This chapter explores conditional formatting, one of Excel’s most versatile features. You can apply conditional formatting to a cell so that the cells look different, depending on its content.
Conditional formatting has improved significantly in Excel 2007, and it’s now a useful tool for visualizing numeric data. In some cases, you may be able to use conditional formatting in lieu of a chart.
Conditional formatting enables you to apply cell formatting selectively and automatically, based on the contents of the cells. For example, you can set things up so that all negative values in a range have a light-yellow background color. When you enter or change a value in the range, Excel examines the value and checks the conditional formatting rules for the cell. If the value is negative, the background is shaded. If not, no formatting is applied.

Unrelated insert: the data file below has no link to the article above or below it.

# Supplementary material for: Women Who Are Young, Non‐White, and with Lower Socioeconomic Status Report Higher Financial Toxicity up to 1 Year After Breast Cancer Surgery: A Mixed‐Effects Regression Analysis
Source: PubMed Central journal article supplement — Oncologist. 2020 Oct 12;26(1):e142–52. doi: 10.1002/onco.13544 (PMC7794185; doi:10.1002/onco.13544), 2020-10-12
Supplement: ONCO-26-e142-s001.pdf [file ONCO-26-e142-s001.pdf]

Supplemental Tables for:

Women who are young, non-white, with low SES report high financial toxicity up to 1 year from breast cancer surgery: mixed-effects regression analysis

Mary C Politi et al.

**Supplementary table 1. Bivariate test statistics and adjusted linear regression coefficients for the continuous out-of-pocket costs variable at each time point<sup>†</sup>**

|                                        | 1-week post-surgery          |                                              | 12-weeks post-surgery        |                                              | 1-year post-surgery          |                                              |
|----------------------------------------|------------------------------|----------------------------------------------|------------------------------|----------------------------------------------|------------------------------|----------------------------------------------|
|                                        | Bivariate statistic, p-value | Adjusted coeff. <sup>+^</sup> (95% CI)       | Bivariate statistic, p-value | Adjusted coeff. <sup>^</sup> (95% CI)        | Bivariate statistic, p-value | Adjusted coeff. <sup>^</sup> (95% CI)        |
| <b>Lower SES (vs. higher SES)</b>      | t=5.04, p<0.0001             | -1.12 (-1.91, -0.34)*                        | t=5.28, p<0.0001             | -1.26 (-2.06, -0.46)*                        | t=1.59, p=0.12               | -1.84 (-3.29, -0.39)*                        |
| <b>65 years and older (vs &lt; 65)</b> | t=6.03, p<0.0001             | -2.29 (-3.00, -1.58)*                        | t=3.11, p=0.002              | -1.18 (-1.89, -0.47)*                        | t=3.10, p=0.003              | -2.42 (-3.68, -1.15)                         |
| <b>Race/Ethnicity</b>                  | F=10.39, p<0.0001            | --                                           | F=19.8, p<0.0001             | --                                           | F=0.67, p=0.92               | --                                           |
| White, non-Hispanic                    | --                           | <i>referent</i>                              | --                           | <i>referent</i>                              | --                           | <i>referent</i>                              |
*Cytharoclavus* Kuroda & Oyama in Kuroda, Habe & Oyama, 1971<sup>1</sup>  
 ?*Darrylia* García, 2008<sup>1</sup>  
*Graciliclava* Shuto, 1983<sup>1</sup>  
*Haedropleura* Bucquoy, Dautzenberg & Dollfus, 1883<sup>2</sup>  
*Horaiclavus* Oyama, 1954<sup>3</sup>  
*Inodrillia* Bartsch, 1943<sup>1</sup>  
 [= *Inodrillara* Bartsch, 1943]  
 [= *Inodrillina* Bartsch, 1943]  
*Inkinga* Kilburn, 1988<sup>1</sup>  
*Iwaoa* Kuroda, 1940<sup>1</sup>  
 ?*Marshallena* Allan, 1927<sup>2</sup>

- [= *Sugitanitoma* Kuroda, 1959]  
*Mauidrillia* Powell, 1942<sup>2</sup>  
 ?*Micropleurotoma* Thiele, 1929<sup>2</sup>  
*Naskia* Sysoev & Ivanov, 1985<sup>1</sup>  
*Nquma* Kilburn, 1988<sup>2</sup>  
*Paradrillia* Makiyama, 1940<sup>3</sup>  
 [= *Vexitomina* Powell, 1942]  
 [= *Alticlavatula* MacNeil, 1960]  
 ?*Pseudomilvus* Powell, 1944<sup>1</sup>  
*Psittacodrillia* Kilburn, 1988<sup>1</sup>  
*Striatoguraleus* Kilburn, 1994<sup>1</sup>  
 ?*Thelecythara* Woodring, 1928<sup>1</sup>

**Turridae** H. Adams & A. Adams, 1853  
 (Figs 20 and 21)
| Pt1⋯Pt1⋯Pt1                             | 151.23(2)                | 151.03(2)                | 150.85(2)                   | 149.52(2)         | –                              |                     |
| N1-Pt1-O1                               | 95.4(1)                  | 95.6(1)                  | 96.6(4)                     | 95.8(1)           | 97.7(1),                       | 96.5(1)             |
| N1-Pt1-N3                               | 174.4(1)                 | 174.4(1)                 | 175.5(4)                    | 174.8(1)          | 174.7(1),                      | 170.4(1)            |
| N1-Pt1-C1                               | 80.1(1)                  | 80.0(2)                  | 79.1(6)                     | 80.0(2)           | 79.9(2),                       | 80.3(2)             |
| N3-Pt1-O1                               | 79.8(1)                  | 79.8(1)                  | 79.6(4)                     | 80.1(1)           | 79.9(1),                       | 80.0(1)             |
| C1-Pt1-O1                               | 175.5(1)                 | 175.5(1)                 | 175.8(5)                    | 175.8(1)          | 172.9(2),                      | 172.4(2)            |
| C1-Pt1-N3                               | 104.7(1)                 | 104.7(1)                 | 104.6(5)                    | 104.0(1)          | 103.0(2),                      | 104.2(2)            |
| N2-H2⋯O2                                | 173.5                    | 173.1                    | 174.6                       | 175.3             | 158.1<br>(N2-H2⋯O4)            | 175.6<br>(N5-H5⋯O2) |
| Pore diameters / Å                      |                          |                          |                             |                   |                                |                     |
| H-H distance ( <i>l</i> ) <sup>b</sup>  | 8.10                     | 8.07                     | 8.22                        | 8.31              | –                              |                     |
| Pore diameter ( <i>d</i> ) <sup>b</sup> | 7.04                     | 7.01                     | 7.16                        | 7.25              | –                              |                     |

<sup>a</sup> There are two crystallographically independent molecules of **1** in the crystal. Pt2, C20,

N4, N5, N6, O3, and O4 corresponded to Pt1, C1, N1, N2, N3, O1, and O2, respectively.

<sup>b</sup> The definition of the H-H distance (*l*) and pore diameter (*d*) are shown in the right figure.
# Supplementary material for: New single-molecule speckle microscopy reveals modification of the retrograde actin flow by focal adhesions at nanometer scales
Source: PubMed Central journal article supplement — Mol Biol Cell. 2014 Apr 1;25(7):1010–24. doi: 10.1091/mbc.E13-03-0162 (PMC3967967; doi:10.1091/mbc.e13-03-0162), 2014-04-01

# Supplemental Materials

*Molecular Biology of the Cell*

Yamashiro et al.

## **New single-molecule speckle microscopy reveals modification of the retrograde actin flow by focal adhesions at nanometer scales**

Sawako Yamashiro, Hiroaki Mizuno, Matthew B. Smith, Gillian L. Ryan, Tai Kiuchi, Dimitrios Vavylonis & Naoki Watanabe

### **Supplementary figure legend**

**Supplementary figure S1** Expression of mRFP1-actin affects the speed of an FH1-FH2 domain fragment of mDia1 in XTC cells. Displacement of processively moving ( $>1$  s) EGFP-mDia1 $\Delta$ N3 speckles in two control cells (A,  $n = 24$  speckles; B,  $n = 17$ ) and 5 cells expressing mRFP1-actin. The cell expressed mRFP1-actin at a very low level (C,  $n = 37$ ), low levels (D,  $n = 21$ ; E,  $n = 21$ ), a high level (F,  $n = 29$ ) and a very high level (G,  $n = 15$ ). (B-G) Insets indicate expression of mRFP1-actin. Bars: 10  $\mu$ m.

Conditional formatting is a useful way to quickly identify erroneous cell entries or cells of a particular type. You can use a format (such as bright-red cell shading) to make particular cells easy to identify.
Figure 21.1 shows a worksheet with nine ranges, each with a different type of conditional formatting rule applied. Here’s a brief ...